10 Roommate Dealbreakers to Discuss Before You Sign Anything

published Jan 17, 2017
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(Image credit: Marisa Vitale)

Moving in with strangers can be a nerve-wracking experience, but sometimes a necessary one; you need people to split the rent with, after all, and you might not know anyone in town or have local friends who are also looking for a new place to live. You need to know, then, that the key to turning strangers-you-live-with into close friends (or at least amicable roommates) is simple communication.

Before you jump into anything (like, say, a 12-month binding lease), you should first make sure you’re all well suited to live with each other by having honest discussions about your habits and preferences. It can be hard to even know what to ask, so if you need a hand, here’s a list of important topics to discuss before you agree to anything.

But first, here’s the most important thing to remember: Now’s the time to be really honest. If you sugarcoat your concerns or pretend like you’re OK with something that actually drives you crazy, you’ll be setting yourself up for a miserable living situation.

1. Your cleaning preferences

You need to cover two main things about cleaning: First, you should all talk about how clean you actually are. Then, talk about your cleaning expectations and how you want to make it work as a team—do you want to clean together, or divide up chores? How often do you want to clean the apartment? How messy is too messy for you? Discuss it all and make sure you’re all on the same page.

2. How often guests will be there

This isn’t always something that comes to mind when we think about moving, but it’s a lifestyle thing that’s really important when you’re living with roommates, especially if they’re people you don’t know very well. Be sure to discuss how often you each like having guests over and if you frequently have out-of-town visitors who stay with you. If you love entertaining guests but your roommates hate having other people in their space (or vice versa), then it’s probably not a good match.

3. Whether or not you’ll throw parties

Along with having guests over, discuss whether or not you want to host parties at home—again, if your roommates love hosting parties but you hate it, and you can’t find some sort of compromise that makes you all happy, it might not be a good fit.

4. Your noise-level needs

The noise level issue can be related to having guests over, but sometimes it’s just a matter of one roommate playing music or watching movies late at night. You or your potential roommates might be light sleepers or need quiet time to work or study, or maybe you play an instrument and practice at home—in any case, make sure you have an honest discussion about your preferences when it comes to noise.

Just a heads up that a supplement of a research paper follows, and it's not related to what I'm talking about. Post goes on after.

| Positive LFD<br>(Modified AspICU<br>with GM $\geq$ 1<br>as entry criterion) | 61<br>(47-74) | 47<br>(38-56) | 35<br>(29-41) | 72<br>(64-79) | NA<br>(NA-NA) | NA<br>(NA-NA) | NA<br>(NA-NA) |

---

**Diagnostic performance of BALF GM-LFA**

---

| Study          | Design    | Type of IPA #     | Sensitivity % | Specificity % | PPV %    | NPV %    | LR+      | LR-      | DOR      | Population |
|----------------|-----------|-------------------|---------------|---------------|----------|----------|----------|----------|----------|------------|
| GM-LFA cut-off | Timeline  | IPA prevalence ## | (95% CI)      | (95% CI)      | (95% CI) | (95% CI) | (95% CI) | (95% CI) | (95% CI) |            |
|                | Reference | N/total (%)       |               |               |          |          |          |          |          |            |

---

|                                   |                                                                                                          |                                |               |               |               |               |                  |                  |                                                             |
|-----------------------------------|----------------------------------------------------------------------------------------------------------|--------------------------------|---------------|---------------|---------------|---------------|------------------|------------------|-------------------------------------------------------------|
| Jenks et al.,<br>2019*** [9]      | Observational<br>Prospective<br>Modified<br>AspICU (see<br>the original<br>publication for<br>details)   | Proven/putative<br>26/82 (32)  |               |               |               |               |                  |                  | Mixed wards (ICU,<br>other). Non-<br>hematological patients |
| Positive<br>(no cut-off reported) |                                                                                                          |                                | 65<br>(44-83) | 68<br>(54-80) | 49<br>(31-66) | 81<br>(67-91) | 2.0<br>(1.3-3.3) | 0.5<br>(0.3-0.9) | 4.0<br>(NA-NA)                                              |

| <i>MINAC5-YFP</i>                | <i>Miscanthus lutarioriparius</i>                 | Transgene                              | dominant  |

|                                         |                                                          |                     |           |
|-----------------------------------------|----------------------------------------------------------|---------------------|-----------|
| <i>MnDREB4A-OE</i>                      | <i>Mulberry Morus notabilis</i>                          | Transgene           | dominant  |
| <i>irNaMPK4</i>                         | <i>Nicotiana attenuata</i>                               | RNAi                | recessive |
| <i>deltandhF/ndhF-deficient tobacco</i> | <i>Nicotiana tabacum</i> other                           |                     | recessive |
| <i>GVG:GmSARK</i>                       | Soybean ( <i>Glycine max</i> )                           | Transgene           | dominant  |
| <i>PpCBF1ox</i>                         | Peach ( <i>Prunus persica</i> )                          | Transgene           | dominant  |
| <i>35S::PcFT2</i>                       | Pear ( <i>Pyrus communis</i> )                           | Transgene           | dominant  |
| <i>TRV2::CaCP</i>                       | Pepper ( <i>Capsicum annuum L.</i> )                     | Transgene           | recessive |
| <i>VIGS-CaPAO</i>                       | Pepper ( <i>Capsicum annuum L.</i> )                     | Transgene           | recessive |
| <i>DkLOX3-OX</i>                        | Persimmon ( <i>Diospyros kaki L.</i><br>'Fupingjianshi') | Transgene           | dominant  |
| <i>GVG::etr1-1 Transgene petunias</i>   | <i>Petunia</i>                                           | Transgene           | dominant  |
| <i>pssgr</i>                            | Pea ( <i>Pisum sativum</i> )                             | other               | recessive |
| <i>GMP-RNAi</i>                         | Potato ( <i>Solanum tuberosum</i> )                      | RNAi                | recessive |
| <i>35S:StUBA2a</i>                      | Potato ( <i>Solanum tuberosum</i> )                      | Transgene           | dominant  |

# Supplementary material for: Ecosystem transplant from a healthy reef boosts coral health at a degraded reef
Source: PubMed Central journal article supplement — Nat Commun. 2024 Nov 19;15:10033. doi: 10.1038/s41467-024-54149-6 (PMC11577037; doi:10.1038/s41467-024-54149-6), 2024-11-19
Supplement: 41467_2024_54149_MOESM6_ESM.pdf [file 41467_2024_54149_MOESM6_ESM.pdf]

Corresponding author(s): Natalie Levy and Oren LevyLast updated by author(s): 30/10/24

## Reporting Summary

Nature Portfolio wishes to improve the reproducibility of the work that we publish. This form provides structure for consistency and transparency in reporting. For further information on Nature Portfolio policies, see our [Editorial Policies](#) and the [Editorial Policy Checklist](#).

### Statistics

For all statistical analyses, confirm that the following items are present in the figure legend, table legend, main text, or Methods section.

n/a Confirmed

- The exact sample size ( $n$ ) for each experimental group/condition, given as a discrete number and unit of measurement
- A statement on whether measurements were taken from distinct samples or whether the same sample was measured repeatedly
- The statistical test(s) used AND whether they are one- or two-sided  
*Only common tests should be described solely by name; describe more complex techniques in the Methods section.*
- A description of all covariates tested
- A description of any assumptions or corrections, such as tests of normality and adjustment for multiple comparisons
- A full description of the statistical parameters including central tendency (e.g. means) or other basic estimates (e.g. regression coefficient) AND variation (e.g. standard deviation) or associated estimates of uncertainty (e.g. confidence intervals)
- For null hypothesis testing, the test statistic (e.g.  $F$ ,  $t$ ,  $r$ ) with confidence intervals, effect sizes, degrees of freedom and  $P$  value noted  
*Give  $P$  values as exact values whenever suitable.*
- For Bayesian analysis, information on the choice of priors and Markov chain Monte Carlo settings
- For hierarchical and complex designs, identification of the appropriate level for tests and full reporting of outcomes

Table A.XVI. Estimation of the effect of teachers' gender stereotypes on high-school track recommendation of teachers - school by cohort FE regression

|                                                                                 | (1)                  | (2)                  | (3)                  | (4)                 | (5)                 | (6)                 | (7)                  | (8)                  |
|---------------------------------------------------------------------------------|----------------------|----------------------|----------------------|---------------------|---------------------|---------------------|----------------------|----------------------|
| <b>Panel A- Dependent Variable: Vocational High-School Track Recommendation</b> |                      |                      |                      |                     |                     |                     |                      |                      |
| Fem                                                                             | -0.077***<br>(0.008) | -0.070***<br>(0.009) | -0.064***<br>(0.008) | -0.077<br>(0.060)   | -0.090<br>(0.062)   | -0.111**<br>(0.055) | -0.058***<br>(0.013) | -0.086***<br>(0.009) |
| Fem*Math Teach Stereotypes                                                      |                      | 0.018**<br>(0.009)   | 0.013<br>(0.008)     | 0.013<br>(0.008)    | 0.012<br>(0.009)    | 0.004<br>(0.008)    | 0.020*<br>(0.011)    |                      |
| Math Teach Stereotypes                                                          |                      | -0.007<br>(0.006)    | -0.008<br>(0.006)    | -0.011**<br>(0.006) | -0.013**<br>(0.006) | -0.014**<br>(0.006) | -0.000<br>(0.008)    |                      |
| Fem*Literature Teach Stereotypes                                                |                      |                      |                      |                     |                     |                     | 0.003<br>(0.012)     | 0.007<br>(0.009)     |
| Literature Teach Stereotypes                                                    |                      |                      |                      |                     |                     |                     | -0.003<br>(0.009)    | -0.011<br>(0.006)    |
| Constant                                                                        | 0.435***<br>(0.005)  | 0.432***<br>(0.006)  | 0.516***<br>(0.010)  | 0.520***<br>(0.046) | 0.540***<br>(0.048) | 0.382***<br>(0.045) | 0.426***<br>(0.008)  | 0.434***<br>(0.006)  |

(Image credit: Emily Billings)

5. How you feel about pets

This doesn’t matter much if you’re renting and living somewhere where pets aren’t allowed, but if there’s a chance one of you could feasibly get (or want to get) a pet, talk it over in advance—bring up any allergies or concerns, just in case.

6. What kind of relationship you want

This is a really important thing that a lot of new roommates skip—take some time to talk about the kind of relationship you want to have with each other. Some people are fine with just sharing a space and not spending any time together or becoming friends, but others may want to have roommate dinners and movie nights. If one of you really wants a friendship and the other just wants to split the rent, it might not be the best match.

7. Your apartment deal-breakers

Together, you and your potential roommates should cover everything that you don’t want in an apartment—maybe you dislike a certain neighborhood or you absolutely can’t deal with having carpet. Whatever your deal-breakers are, talk about them up front before you start looking at places, so each of you can avoid settling for a place you can’t stand.

8. If you’ll split the cost of furniture (or anything else)

Furniture is the major cost when you move into a place that’s unfurnished, so make sure you discuss how you plan to furnish common areas—do you want to pick out furniture together and split the cost? Or would you rather buy items individually and just share them? Beyond furniture, discuss paying for things like groceries, toiletries and kitchen necessities. For anything that might be shared, you’ll want to cover the cost conversation.

9. Your work and shower schedules

Habits are hard to break: Some people shower at night, some people shower in the morning, some people work alternative hours and shower in the middle of the day. This is an easy issue to find compromise on, and might not even be an issue at all if you each have plenty of separate space (and private bathrooms). It’s also just a good idea in general to know your roommates’ work schedules before you move in—if you work nights but your roommate works during the day, you’ll know to be extra quiet to avoid waking them up, and vice versa.

10. Your decor styles

Another easy issue to compromise on is your decor styles. This is definitely something to chat about before moving in, but it’s not necessarily a roommate deal-breaker—just add it to the discussion you’re already having. You should each talk about what you like, what you don’t like, and what you’re willing to try—then, find a way to compromise so you have a vision for your new place before you move in, and you can start decorating in a way that everyone can appreciate.